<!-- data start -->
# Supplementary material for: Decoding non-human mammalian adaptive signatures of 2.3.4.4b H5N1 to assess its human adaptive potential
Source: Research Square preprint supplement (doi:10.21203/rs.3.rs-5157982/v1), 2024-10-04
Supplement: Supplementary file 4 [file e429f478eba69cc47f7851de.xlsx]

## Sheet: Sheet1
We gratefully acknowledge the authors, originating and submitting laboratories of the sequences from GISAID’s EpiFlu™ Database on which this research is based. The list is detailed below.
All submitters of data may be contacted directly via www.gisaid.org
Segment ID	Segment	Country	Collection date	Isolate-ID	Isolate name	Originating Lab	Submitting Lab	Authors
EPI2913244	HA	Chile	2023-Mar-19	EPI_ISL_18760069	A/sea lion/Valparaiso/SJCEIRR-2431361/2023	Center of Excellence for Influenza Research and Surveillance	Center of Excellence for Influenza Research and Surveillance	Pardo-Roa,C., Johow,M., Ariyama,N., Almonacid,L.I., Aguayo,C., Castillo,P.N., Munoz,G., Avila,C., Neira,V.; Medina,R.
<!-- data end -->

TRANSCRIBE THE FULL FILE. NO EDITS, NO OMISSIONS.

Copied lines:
# Supplementary material for: Decoding non-human mammalian adaptive signatures of 2.3.4.4b H5N1 to assess its human adaptive potential
Source: Research Square preprint supplement (doi:10.21203/rs.3.rs-5157982/v1), 2024-10-04
Supplement: Supplementary file 4 [file e429f478eba69cc47f7851de.xlsx]

## Sheet: Sheet1
We gratefully acknowledge the authors, originating and submitting laboratories of the sequences from GISAID’s EpiFlu™ Database on which this research is based. The list is detailed below.
All submitters of data may be contacted directly via www.gisaid.org
Segment ID	Segment	Country	Collection date	Isolate-ID	Isolate name	Originating Lab	Submitting Lab	Authors
EPI2913244	HA	Chile	2023-Mar-19	EPI_ISL_18760069	A/sea lion/Valparaiso/SJCEIRR-2431361/2023	Center of Excellence for Influenza Research and Surveillance	Center of Excellence for Influenza Research and Surveillance	Pardo-Roa,C., Johow,M., Ariyama,N., Almonacid,L.I., Aguayo,C., Castillo,P.N., Munoz,G., Avila,C., Neira,V.; Medina,R.